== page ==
Adaptive and multi-level governance is often called for in order to improve the management of complex issues such as the provision of natural resources and ecosystem services. This case study analyses the contemporary multi-level governance system that manages water resources and their ecosystem services in a freshwater lake in Sweden.
The authors assess the relative importance and barriers of three commonly highlighted components of adaptive governance: feeding ecological knowledge into the governance system; use of ecological knowledge to continuously adapt the governance system; and self-organization by flexible institutions acting across multiple levels. The findings reveal that the trickiest aspect of adaptive governance capacity to institutionalize is the iterative nature of feedbacks and learning over time, and that the barriers to the spread of knowledge on social-ecological complexity through the governance systems are partly political, partly complexity itself, and partly a more easily resolved lack of coordination.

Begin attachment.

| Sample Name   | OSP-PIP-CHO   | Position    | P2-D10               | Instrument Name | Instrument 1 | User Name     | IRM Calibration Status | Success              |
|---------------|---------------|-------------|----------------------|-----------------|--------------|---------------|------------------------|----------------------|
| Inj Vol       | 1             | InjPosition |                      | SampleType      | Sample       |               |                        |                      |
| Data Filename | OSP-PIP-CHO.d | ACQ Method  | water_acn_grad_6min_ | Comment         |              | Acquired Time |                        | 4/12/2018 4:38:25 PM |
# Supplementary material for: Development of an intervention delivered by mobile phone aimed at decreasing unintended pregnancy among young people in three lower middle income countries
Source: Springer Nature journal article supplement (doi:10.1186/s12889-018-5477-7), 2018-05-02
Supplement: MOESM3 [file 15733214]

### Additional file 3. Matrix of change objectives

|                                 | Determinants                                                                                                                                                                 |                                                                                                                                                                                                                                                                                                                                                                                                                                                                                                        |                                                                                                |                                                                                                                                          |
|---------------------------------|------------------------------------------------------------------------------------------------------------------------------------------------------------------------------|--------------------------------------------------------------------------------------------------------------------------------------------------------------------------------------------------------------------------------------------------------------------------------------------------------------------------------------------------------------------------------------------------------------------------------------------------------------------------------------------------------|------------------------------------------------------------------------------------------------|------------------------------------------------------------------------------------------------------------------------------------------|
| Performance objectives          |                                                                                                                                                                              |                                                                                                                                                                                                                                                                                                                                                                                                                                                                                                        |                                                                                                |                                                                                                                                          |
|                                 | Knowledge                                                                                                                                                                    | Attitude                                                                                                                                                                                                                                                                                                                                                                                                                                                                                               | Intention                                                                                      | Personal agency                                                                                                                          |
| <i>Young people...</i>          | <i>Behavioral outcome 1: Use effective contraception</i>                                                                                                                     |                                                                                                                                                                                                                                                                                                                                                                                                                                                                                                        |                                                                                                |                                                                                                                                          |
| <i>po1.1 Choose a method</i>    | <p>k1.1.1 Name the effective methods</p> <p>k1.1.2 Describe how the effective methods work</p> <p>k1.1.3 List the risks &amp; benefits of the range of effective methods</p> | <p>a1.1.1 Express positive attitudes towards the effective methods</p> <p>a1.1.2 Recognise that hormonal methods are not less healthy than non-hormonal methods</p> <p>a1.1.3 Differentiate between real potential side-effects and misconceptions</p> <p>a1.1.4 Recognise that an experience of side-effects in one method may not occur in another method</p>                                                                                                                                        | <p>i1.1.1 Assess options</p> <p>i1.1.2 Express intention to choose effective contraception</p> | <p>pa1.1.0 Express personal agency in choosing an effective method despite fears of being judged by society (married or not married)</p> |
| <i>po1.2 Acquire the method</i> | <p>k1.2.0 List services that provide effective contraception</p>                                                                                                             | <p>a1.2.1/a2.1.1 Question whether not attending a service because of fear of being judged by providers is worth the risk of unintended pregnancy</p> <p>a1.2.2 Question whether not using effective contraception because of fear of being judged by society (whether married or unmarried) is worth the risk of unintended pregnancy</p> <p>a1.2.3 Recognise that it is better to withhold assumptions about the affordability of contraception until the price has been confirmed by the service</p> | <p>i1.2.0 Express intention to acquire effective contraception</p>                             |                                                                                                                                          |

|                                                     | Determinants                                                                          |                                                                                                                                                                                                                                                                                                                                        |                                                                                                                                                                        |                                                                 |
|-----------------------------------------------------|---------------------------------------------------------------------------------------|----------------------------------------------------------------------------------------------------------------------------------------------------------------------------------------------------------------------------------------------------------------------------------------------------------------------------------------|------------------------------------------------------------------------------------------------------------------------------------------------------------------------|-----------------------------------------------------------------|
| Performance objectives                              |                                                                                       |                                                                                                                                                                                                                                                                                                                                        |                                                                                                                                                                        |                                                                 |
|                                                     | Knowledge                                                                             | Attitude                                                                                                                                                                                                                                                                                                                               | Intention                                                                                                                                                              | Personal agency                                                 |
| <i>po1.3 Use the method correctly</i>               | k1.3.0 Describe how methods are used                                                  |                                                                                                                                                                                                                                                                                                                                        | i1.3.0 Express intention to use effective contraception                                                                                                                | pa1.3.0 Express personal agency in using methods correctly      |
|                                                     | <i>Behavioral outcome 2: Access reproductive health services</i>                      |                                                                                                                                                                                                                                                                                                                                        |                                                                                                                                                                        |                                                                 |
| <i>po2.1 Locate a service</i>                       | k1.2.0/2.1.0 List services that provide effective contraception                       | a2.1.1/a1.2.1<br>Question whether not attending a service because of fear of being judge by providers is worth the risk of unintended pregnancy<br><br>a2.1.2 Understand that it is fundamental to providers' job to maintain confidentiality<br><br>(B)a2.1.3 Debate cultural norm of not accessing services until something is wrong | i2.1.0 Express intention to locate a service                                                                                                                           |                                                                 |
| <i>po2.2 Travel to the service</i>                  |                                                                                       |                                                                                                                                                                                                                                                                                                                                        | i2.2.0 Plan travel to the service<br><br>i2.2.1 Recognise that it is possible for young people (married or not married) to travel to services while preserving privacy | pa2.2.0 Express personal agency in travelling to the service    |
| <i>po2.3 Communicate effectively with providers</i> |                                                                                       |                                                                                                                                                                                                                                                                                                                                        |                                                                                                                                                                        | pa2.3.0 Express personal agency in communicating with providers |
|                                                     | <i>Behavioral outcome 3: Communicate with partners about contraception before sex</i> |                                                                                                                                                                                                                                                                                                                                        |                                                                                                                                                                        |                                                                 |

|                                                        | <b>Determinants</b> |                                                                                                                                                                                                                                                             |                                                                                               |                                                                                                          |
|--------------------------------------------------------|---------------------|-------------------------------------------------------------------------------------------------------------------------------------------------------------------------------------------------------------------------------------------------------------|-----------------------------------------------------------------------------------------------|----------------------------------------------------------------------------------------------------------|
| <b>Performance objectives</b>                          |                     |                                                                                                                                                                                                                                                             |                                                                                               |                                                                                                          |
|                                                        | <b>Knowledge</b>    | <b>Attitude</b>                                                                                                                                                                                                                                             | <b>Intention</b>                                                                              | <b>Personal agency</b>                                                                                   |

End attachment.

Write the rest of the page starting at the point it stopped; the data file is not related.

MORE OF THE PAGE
The authors call for caution in trusting crisis management to build more long-lasting adaptive capacity, and conclude that a process of institutionalizing adaptive capacity is inherently contingent on political processes putting issues on the agenda.
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